When I sat down with Sandi Gerdes, Executive Director of Laura Baker Services Association (LBSA) to talk about how the Carleton community has collaborated with LBSA, she pulled out a list of over twenty items that came to mind, organized by theme. Carleton’s relationship with LBSA has spanned many years. While Gerdes was not sure exactly when formal partnerships between the college and LBSA started, she has gotten calls from alumni as far back as class of 1968 requesting to volunteer when they are back in Northfield for reunion.

 The close relationship between Carleton and LBSA begins with the fact that the two organizations are physically neighbors. Land was exchanged formally at times, but also, with the Carleton arboretum around 50 feet from the main campus, Gerdes says that many informal interactions occur there which lead to “rich relationships… that have been pretty prominent over the years.” LBSA has used Carleton spaces for events such as a music festival and their annual gala. While less visible, Gerdes notes that Carleton spaces allow LBSA to hold such events, which are important for the organization.

The rich history of collaborations between Carleton and LBSA include many instances of sharing spaces that benefited both groups, and the encouragement of relationships between members of the Carleton community and members of the LBSA community. Now known as College Buddies, a program that matched LBSA clients with Carleton students was conceived 30-40 years ago by a Carleton professor. Today, participants in College Buddies spend time with LBSA clients once a week doing a range of activities from dancing with exercise videos, to walking in the arb, to playing board games. Program Director, Aidan Burdick ’18 describes his experience with College Buddies as a “balancing force,” with this involvement in the community helping him to put issues into perspective.

The time that an individual student spends in Northfield is limited, but Gerdes noted that a student graduating or leaving for a break does not end the relationship between students and clients of LBSA. Carleton students often keep in contact for years and return to Northfield for important life events. “If they can continue those connections over time, that means more than if they come and go.”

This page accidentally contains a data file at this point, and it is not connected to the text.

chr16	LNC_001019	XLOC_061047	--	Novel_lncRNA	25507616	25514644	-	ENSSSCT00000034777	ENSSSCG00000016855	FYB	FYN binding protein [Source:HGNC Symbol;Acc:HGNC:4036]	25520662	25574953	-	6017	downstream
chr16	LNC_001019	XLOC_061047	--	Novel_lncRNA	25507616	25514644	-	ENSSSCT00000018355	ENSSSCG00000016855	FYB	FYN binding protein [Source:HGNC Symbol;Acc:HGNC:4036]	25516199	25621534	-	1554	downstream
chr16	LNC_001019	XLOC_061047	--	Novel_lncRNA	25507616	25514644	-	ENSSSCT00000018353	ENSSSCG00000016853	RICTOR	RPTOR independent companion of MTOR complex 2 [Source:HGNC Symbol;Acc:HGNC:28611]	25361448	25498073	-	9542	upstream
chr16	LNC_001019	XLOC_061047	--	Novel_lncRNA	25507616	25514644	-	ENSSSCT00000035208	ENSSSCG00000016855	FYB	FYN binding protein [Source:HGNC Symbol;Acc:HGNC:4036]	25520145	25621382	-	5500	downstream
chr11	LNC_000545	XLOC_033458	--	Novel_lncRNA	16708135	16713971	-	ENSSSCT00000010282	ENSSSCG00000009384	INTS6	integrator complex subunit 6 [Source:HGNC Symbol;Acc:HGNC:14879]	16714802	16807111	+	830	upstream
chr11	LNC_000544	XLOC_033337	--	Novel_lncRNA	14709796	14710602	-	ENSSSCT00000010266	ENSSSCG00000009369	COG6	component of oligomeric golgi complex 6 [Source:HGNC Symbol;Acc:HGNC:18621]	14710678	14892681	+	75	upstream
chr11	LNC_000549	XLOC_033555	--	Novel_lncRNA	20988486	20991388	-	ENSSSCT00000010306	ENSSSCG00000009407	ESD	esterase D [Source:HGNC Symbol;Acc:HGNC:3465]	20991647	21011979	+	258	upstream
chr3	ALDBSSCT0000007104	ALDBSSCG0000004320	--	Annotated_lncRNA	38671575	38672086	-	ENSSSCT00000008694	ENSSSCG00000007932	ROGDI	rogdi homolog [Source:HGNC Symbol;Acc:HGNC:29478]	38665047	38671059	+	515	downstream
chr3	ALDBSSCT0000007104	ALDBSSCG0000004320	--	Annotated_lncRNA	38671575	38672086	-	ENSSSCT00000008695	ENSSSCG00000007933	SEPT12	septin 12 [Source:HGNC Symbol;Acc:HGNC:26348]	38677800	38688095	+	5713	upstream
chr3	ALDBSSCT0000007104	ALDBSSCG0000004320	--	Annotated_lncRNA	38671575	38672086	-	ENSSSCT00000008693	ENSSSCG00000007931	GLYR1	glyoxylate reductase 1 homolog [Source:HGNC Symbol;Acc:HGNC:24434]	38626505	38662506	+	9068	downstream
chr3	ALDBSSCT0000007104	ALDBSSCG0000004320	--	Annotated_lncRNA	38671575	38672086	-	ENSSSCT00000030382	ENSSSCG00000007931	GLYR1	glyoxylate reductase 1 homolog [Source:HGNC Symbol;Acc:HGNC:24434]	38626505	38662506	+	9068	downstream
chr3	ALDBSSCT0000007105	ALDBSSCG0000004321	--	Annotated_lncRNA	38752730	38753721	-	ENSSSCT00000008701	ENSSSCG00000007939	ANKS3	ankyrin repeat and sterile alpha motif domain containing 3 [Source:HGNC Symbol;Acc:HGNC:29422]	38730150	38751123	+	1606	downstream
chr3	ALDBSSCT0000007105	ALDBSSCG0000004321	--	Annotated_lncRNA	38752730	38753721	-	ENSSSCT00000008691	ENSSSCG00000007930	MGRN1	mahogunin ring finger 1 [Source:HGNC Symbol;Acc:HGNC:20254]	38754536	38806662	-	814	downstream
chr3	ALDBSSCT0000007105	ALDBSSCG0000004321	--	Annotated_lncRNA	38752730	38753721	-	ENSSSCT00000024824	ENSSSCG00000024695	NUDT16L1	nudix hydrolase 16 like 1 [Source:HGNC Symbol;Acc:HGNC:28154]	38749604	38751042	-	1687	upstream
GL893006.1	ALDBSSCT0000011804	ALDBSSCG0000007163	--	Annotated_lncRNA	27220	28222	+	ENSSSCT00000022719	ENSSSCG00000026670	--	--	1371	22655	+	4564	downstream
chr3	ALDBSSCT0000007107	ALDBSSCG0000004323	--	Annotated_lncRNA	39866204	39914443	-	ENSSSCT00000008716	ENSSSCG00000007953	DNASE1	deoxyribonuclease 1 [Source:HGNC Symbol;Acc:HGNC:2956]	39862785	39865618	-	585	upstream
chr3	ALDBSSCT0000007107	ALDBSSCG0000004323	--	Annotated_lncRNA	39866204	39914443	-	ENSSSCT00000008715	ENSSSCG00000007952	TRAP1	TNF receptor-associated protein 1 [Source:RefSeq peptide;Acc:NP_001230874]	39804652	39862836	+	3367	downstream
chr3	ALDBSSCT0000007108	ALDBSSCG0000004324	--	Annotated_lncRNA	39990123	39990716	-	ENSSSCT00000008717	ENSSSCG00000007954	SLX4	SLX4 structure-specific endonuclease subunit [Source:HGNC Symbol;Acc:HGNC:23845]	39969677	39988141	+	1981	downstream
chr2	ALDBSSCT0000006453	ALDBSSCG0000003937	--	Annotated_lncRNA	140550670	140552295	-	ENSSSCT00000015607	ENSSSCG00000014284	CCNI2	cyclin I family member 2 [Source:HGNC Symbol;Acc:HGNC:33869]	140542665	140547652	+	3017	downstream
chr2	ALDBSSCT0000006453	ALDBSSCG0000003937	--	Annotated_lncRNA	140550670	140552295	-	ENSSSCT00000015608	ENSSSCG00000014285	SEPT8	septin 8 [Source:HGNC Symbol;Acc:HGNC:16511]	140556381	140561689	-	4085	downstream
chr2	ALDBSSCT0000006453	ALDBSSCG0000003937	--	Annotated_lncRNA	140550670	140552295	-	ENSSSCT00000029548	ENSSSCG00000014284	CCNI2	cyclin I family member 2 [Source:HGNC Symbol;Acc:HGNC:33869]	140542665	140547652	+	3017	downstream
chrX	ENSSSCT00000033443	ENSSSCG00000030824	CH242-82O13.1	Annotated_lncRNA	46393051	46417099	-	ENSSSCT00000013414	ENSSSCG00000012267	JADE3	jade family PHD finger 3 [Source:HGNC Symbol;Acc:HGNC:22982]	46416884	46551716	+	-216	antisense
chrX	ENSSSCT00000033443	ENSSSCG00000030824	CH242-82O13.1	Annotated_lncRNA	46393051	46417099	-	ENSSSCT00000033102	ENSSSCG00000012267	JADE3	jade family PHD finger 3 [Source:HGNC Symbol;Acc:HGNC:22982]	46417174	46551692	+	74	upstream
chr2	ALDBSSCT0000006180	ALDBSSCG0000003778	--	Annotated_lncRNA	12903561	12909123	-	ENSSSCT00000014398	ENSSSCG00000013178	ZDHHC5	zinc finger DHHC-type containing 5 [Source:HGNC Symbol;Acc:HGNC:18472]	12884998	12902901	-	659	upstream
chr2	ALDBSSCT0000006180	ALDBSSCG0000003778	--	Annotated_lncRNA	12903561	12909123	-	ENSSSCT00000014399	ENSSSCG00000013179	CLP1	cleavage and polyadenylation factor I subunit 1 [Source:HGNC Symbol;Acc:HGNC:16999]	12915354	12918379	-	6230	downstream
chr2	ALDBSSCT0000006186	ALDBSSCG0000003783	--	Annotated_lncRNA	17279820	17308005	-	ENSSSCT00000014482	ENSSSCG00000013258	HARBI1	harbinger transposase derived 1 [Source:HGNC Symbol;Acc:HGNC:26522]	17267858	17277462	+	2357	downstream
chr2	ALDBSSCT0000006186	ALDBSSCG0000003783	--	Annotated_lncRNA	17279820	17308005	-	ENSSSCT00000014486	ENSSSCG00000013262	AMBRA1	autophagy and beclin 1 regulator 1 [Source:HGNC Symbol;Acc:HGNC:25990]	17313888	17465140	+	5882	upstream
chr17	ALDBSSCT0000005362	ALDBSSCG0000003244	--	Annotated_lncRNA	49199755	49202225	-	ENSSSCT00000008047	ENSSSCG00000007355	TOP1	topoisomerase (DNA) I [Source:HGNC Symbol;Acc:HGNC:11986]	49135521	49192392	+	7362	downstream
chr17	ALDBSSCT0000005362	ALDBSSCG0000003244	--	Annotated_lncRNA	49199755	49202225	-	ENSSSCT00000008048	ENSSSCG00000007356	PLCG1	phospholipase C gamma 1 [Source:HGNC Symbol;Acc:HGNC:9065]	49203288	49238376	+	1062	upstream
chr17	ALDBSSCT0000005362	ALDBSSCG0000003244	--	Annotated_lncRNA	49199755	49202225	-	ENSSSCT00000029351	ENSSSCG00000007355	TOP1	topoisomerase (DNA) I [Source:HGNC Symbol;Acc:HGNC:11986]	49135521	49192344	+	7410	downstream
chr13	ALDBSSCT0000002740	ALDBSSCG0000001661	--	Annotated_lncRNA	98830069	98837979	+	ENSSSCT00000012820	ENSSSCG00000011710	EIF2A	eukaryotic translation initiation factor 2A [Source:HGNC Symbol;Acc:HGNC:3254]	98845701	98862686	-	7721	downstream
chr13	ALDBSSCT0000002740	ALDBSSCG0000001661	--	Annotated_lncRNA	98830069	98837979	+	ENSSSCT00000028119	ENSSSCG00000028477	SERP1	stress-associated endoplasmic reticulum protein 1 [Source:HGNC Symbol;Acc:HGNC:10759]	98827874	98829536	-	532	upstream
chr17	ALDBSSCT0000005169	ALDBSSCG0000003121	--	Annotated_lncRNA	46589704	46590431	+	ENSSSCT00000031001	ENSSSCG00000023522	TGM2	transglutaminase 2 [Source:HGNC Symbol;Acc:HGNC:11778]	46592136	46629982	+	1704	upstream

More recently, LBSA has partnered with Carleton professors and students to create research opportunities, in a wide range of fields. A history major has written a history of the organization and a statistics professor has analyzed data about the characteristics of similar organizations. In the Spring, Annette Nierobisz, professor of Sociology, added an ACE component to SOAN 240: Methods of Social Research in collaboration with LBSA. Her students designed a survey meant to investigate the factors that encourage the direct support staff at LBSA stay in their jobs. This will assist LBSA in understanding how to keep direct support staff in an industry that is difficult and also gives Carleton students a unique learning opportunity. Rachel Gallager ’18, another College Buddies program director, will also be working with Nierobisz next year to complete a Sociology Comps project researching how parents with children who have intellectual developmental disabilities “negotiate aging and end of life decisions.” Nierobisz notes that students like to “have socially meaningful assignments,” so the SOAN 240 project would be engaging and give “students a real world learning opportunity [while] in the process they’re doing good for the community.” Gerdes also feels research is “really important because there’s not a lot of research in the disability field and anything we can do that will encourage [research] can help to move that forward and help to formalize some of the information that right now is largely intuitive.”

Over time, Gerdes described, the relationship between Carleton and LBSA has evolved from neighbors to strategic partners. Gerdes noted of all the ways that Carleton and LBSA collaborate, “If those things went away, how would we replace them?” The relationship between Carleton and LBSA is not limited to a single volunteer program, but rather is built upon a rich history of diverse collaborations.